# Primality Tests

Now we know what prime numbers are the next natural step is to try to recognize prime numbers.

Problem: Given a natural number n we want to determine whether it is prime

There are very simple methods to do this. The first would be to make a list of all prime numbers up to a certain limit and look whether n is in the list. The second is trial division by any prime less or equal to ${\sqrt {n}}$ . Both methods are very inefficient, slow to compute.

### Fermat's little theorem

Definition of $a\equiv b{\pmod {c}}$ : This means a-b divides c.

Fermat's little theorem states that for a prime p and a natural number a: $a^{p}\equiv a{\pmod {p}}$ This is proven by induction. It is obvious for case a=1: $1^{p}\equiv 1{\pmod {p}}$ . Now we prove the case a+1: $(a+1)^{p}\equiv a+1{\pmod {p}}$ $\sum _{i=0}^{p}{\binom {p}{i}}a^{i}\equiv a+1{\pmod {p}}$ Because ${\binom {n}{k}}={\frac {n!}{k!\cdot (n-k)!}}$ we know the middle terms divide p. They therefore cancel out.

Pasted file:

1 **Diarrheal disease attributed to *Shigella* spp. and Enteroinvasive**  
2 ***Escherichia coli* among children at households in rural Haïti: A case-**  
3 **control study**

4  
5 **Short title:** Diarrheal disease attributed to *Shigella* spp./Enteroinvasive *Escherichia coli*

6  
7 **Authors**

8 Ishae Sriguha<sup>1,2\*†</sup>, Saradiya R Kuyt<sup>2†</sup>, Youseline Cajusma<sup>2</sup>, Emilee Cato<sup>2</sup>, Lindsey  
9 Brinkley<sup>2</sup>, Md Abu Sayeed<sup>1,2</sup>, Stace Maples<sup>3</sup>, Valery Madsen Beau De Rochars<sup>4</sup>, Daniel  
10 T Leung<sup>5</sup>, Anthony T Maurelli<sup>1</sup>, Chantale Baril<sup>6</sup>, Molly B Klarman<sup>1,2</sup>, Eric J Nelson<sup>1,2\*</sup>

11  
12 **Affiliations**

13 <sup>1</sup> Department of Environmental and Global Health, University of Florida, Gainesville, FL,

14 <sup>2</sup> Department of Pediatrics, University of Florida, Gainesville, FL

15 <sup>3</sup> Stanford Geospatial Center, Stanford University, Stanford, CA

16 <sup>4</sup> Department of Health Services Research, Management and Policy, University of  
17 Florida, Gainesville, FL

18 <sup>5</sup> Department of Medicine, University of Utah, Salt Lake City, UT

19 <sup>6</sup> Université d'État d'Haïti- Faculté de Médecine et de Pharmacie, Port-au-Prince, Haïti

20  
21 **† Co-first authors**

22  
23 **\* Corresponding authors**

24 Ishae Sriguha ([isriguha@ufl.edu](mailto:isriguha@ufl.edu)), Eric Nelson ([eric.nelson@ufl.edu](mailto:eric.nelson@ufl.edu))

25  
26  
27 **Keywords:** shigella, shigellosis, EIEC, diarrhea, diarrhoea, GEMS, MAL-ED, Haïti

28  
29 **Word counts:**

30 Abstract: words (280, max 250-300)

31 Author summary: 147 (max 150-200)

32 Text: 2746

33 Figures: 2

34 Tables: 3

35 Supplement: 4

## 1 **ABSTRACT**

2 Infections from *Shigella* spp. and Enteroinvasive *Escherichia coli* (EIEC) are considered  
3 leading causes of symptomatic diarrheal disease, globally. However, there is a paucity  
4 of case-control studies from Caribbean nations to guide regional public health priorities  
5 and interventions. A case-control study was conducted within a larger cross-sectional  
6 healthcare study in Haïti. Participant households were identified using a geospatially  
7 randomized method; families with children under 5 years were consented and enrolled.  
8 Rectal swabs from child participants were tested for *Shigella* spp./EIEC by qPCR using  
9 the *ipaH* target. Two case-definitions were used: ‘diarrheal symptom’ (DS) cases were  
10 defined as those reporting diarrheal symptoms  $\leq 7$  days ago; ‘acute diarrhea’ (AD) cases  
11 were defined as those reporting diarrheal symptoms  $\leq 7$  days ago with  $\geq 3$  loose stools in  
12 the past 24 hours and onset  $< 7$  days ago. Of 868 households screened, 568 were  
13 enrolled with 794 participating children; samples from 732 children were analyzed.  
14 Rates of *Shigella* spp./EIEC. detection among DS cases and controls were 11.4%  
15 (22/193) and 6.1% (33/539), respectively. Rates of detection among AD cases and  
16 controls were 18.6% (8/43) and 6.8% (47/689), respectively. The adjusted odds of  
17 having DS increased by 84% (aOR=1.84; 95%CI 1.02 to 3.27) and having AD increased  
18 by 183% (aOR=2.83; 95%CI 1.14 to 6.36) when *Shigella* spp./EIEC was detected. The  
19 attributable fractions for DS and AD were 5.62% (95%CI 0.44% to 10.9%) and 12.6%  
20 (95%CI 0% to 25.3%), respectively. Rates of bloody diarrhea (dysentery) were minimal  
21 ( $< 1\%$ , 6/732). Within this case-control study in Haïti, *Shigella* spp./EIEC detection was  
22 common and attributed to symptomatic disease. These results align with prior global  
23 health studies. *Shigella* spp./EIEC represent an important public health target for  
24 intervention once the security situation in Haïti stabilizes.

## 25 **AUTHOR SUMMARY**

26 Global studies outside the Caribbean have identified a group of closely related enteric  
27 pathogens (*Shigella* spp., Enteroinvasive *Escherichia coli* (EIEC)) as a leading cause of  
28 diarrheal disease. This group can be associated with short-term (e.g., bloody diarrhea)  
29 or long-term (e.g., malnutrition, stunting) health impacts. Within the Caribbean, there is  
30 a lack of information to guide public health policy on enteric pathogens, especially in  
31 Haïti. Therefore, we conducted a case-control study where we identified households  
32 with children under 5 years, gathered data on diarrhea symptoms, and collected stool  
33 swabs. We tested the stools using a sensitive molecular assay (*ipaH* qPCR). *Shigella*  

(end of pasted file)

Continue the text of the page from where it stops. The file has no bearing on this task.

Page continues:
$a^{p}+1\equiv a+1{\pmod {p}}$ so $a^{p}\equiv a{\pmod {p}}$ which was the induction hypothesis.

We have to remember if a number n does not satisfy $(a+1)^{n}\equiv a+1{\pmod {n}}$ we know it is composite. However, if it does satisfy the expression we are not sure it is a prime number. A composite n that satisfies the equation is called a Fermat pseudoprime to base a.